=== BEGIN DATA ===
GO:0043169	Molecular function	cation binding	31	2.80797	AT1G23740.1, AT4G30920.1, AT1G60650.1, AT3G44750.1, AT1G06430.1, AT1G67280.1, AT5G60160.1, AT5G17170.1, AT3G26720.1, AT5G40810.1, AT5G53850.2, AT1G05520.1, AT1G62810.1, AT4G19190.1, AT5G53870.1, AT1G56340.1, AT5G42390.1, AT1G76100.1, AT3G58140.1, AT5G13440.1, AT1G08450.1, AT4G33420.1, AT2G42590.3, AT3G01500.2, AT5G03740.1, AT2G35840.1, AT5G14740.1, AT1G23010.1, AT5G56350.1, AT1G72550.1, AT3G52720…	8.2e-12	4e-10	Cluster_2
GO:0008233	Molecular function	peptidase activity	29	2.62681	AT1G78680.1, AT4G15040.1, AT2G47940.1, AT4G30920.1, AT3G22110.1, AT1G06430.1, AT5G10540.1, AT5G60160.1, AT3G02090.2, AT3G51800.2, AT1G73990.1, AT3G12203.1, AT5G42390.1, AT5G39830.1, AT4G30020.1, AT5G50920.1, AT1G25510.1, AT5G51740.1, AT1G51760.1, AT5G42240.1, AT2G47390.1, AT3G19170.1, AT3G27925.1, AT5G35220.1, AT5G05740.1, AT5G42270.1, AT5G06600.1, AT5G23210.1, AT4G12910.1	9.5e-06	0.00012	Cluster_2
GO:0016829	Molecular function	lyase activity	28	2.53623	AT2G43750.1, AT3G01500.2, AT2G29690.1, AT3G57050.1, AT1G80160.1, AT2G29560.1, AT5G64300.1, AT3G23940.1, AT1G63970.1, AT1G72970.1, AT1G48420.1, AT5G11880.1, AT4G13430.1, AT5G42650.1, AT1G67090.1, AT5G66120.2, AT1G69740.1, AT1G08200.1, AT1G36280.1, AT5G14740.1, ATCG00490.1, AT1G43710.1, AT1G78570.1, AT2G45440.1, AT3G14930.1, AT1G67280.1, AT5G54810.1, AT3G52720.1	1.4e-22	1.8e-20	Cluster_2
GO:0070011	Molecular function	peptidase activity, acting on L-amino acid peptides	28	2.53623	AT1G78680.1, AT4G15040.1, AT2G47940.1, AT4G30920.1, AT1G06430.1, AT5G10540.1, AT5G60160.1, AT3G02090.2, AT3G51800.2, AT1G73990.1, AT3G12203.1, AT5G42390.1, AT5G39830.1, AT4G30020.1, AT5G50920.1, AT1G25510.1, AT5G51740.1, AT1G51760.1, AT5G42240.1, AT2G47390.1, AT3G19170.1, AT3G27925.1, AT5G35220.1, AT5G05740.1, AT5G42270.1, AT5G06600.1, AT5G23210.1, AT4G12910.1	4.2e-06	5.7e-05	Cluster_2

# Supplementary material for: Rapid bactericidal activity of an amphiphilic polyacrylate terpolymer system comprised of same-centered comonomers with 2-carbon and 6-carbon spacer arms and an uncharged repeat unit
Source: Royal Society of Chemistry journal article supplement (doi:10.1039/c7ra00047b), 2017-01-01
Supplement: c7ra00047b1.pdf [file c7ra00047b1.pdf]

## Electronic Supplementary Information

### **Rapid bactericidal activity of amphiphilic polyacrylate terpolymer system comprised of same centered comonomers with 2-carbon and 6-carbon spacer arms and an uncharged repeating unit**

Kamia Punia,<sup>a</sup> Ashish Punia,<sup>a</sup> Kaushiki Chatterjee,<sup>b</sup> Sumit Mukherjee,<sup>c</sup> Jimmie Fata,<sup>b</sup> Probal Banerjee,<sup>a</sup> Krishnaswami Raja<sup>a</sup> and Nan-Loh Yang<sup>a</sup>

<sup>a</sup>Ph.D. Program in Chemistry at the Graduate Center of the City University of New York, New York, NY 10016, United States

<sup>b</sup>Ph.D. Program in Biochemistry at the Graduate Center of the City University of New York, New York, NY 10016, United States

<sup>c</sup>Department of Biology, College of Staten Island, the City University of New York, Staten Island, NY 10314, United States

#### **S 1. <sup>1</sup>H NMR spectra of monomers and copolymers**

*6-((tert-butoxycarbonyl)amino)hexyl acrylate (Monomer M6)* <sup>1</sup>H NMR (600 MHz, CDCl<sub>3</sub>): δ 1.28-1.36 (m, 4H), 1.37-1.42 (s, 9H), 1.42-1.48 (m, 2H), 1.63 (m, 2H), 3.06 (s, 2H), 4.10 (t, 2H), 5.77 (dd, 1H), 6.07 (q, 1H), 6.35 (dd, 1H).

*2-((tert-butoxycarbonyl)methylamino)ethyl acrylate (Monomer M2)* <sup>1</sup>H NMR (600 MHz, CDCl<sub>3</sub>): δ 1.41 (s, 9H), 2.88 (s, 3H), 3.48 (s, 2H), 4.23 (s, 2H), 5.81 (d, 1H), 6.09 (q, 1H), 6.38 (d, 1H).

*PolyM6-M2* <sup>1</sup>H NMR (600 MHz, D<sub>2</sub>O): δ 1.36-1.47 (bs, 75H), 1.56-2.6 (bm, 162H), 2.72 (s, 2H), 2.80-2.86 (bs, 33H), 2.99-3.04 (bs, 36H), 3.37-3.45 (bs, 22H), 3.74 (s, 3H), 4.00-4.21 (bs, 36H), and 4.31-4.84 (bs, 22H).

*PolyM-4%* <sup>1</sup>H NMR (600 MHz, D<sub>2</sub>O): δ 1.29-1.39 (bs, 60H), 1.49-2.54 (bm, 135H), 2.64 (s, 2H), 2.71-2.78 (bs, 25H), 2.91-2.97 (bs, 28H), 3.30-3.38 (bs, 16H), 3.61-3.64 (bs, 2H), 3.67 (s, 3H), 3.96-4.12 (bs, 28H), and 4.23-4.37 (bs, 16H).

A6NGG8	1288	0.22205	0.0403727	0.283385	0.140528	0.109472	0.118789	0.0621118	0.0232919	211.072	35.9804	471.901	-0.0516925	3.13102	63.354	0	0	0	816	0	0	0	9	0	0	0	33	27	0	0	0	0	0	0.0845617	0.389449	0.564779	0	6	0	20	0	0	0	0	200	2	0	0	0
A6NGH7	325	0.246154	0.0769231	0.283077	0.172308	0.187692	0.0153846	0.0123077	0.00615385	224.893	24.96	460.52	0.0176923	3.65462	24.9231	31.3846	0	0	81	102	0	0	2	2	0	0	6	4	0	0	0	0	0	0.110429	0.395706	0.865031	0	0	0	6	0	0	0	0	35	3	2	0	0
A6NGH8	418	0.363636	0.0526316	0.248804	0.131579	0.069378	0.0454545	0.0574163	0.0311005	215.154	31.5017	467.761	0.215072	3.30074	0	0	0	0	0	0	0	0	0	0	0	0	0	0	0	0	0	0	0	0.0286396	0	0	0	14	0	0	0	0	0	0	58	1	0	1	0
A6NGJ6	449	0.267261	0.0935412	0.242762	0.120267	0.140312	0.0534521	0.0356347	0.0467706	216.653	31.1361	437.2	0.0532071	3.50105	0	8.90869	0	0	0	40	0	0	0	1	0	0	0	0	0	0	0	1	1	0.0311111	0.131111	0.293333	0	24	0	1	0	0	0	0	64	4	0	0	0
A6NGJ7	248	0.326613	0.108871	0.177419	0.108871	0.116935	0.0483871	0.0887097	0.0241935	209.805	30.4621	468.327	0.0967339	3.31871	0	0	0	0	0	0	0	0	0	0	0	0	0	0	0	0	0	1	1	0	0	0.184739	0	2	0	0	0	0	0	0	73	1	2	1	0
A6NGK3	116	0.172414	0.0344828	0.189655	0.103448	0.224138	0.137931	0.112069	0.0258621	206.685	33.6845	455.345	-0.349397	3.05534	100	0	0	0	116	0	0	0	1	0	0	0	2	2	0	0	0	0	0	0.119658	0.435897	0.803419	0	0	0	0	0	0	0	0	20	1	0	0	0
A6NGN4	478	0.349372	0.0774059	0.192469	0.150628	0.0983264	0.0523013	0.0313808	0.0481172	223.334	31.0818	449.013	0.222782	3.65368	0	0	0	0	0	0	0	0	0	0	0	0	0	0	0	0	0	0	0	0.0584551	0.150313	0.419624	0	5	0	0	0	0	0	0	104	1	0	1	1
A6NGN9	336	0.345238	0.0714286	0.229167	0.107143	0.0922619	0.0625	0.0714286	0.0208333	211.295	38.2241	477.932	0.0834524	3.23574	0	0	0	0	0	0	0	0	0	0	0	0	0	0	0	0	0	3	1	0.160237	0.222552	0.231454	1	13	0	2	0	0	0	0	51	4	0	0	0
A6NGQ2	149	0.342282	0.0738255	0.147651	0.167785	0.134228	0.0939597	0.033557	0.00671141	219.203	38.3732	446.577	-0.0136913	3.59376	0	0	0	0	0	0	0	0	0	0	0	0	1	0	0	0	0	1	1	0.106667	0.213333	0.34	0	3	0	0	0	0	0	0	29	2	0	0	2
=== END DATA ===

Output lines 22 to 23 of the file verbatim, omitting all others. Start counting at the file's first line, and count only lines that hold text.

A6NGJ6	449	0.267261	0.0935412	0.242762	0.120267	0.140312	0.0534521	0.0356347	0.0467706	216.653	31.1361	437.2	0.0532071	3.50105	0	8.90869	0	0	0	40	0	0	0	1	0	0	0	0	0	0	0	1	1	0.0311111	0.131111	0.293333	0	24	0	1	0	0	0	0	64	4	0	0	0
A6NGJ7	248	0.326613	0.108871	0.177419	0.108871	0.116935	0.0483871	0.0887097	0.0241935	209.805	30.4621	468.327	0.0967339	3.31871	0	0	0	0	0	0	0	0	0	0	0	0	0	0	0	0	0	1	1	0	0	0.184739	0	2	0	0	0	0	0	0	73	1	2	1	0